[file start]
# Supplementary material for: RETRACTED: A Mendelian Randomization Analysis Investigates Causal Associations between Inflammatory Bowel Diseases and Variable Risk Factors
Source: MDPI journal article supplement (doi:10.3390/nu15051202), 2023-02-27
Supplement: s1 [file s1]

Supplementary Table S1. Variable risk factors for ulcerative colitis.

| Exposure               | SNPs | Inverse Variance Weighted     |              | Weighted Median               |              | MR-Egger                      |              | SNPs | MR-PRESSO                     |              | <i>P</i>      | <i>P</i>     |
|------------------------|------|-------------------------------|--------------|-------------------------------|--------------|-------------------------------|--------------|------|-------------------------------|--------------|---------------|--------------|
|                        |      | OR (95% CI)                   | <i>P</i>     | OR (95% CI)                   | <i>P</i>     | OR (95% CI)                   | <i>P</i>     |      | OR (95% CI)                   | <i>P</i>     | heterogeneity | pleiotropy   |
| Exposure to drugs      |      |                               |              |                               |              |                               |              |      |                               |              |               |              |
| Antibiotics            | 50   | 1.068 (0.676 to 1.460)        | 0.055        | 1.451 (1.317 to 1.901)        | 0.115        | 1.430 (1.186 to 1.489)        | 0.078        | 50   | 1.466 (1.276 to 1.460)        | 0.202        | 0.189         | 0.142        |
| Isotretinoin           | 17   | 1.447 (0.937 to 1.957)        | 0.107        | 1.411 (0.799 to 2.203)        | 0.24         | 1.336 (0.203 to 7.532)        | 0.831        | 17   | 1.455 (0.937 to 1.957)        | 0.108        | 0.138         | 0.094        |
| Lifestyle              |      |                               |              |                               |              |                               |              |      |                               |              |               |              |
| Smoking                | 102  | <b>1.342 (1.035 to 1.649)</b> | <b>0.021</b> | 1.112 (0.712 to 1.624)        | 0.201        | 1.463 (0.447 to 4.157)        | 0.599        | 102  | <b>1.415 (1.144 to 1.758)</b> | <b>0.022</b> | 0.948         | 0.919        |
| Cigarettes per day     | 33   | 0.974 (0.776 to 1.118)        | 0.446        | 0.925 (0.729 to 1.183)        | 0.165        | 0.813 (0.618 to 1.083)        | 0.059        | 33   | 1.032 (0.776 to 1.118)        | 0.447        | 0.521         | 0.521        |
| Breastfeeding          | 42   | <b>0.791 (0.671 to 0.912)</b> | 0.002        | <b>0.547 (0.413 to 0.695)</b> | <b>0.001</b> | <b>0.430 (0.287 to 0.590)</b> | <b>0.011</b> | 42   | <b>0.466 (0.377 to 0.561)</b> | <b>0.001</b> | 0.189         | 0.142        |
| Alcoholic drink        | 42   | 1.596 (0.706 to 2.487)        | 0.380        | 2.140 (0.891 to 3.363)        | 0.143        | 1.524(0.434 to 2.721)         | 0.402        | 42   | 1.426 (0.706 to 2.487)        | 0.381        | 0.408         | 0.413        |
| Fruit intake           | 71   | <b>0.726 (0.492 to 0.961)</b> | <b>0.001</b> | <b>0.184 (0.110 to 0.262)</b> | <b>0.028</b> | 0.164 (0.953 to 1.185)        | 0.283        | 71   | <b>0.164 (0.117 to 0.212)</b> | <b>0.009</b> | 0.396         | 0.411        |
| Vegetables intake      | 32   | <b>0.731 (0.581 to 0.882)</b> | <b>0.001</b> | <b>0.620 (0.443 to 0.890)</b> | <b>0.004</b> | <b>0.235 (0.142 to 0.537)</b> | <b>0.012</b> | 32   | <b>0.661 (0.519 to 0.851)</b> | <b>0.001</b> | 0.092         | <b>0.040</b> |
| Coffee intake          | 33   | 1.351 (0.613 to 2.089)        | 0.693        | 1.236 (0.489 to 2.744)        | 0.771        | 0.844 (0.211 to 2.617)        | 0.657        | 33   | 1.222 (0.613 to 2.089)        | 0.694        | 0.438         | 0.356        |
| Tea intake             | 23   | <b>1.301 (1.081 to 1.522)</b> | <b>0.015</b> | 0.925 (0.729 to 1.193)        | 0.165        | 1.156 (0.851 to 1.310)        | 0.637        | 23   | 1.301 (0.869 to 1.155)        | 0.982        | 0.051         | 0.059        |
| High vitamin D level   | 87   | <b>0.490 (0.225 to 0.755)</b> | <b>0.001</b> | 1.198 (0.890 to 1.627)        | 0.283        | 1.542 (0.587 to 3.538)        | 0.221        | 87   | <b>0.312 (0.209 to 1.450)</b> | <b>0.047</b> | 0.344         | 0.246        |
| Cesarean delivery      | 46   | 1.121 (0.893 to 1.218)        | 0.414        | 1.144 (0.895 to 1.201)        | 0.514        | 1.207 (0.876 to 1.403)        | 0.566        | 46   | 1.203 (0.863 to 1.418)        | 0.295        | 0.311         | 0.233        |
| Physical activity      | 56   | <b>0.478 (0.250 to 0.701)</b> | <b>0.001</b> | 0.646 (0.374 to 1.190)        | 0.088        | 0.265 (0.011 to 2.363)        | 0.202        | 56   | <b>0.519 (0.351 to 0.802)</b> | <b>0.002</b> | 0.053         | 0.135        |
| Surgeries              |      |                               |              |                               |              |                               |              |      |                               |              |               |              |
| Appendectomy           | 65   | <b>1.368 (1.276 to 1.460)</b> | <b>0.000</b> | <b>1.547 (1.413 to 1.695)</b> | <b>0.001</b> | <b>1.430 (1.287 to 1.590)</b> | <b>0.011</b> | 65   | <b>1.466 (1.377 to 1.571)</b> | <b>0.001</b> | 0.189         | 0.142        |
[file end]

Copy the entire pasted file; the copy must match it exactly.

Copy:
# Supplementary material for: RETRACTED: A Mendelian Randomization Analysis Investigates Causal Associations between Inflammatory Bowel Diseases and Variable Risk Factors
Source: MDPI journal article supplement (doi:10.3390/nu15051202), 2023-02-27
Supplement: s1 [file s1]

Supplementary Table S1. Variable risk factors for ulcerative colitis.

| Exposure               | SNPs | Inverse Variance Weighted     |              | Weighted Median               |              | MR-Egger                      |              | SNPs | MR-PRESSO                     |              | <i>P</i>      | <i>P</i>     |
|------------------------|------|-------------------------------|--------------|-------------------------------|--------------|-------------------------------|--------------|------|-------------------------------|--------------|---------------|--------------|
|                        |      | OR (95% CI)                   | <i>P</i>     | OR (95% CI)                   | <i>P</i>     | OR (95% CI)                   | <i>P</i>     |      | OR (95% CI)                   | <i>P</i>     | heterogeneity | pleiotropy   |
| Exposure to drugs      |      |                               |              |                               |              |                               |              |      |                               |              |               |              |
| Antibiotics            | 50   | 1.068 (0.676 to 1.460)        | 0.055        | 1.451 (1.317 to 1.901)        | 0.115        | 1.430 (1.186 to 1.489)        | 0.078        | 50   | 1.466 (1.276 to 1.460)        | 0.202        | 0.189         | 0.142        |
| Isotretinoin           | 17   | 1.447 (0.937 to 1.957)        | 0.107        | 1.411 (0.799 to 2.203)        | 0.24         | 1.336 (0.203 to 7.532)        | 0.831        | 17   | 1.455 (0.937 to 1.957)        | 0.108        | 0.138         | 0.094        |
| Lifestyle              |      |                               |              |                               |              |                               |              |      |                               |              |               |              |
| Smoking                | 102  | <b>1.342 (1.035 to 1.649)</b> | <b>0.021</b> | 1.112 (0.712 to 1.624)        | 0.201        | 1.463 (0.447 to 4.157)        | 0.599        | 102  | <b>1.415 (1.144 to 1.758)</b> | <b>0.022</b> | 0.948         | 0.919        |
| Cigarettes per day     | 33   | 0.974 (0.776 to 1.118)        | 0.446        | 0.925 (0.729 to 1.183)        | 0.165        | 0.813 (0.618 to 1.083)        | 0.059        | 33   | 1.032 (0.776 to 1.118)        | 0.447        | 0.521         | 0.521        |
| Breastfeeding          | 42   | <b>0.791 (0.671 to 0.912)</b> | 0.002        | <b>0.547 (0.413 to 0.695)</b> | <b>0.001</b> | <b>0.430 (0.287 to 0.590)</b> | <b>0.011</b> | 42   | <b>0.466 (0.377 to 0.561)</b> | <b>0.001</b> | 0.189         | 0.142        |
| Alcoholic drink        | 42   | 1.596 (0.706 to 2.487)        | 0.380        | 2.140 (0.891 to 3.363)        | 0.143        | 1.524(0.434 to 2.721)         | 0.402        | 42   | 1.426 (0.706 to 2.487)        | 0.381        | 0.408         | 0.413        |
| Fruit intake           | 71   | <b>0.726 (0.492 to 0.961)</b> | <b>0.001</b> | <b>0.184 (0.110 to 0.262)</b> | <b>0.028</b> | 0.164 (0.953 to 1.185)        | 0.283        | 71   | <b>0.164 (0.117 to 0.212)</b> | <b>0.009</b> | 0.396         | 0.411        |
| Vegetables intake      | 32   | <b>0.731 (0.581 to 0.882)</b> | <b>0.001</b> | <b>0.620 (0.443 to 0.890)</b> | <b>0.004</b> | <b>0.235 (0.142 to 0.537)</b> | <b>0.012</b> | 32   | <b>0.661 (0.519 to 0.851)</b> | <b>0.001</b> | 0.092         | <b>0.040</b> |
| Coffee intake          | 33   | 1.351 (0.613 to 2.089)        | 0.693        | 1.236 (0.489 to 2.744)        | 0.771        | 0.844 (0.211 to 2.617)        | 0.657        | 33   | 1.222 (0.613 to 2.089)        | 0.694        | 0.438         | 0.356        |
| Tea intake             | 23   | <b>1.301 (1.081 to 1.522)</b> | <b>0.015</b> | 0.925 (0.729 to 1.193)        | 0.165        | 1.156 (0.851 to 1.310)        | 0.637        | 23   | 1.301 (0.869 to 1.155)        | 0.982        | 0.051         | 0.059        |
| High vitamin D level   | 87   | <b>0.490 (0.225 to 0.755)</b> | <b>0.001</b> | 1.198 (0.890 to 1.627)        | 0.283        | 1.542 (0.587 to 3.538)        | 0.221        | 87   | <b>0.312 (0.209 to 1.450)</b> | <b>0.047</b> | 0.344         | 0.246        |
| Cesarean delivery      | 46   | 1.121 (0.893 to 1.218)        | 0.414        | 1.144 (0.895 to 1.201)        | 0.514        | 1.207 (0.876 to 1.403)        | 0.566        | 46   | 1.203 (0.863 to 1.418)        | 0.295        | 0.311         | 0.233        |
| Physical activity      | 56   | <b>0.478 (0.250 to 0.701)</b> | <b>0.001</b> | 0.646 (0.374 to 1.190)        | 0.088        | 0.265 (0.011 to 2.363)        | 0.202        | 56   | <b>0.519 (0.351 to 0.802)</b> | <b>0.002</b> | 0.053         | 0.135        |
| Surgeries              |      |                               |              |                               |              |                               |              |      |                               |              |               |              |
| Appendectomy           | 65   | <b>1.368 (1.276 to 1.460)</b> | <b>0.000</b> | <b>1.547 (1.413 to 1.695)</b> | <b>0.001</b> | <b>1.430 (1.287 to 1.590)</b> | <b>0.011</b> | 65   | <b>1.466 (1.377 to 1.571)</b> | <b>0.001</b> | 0.189         | 0.142        |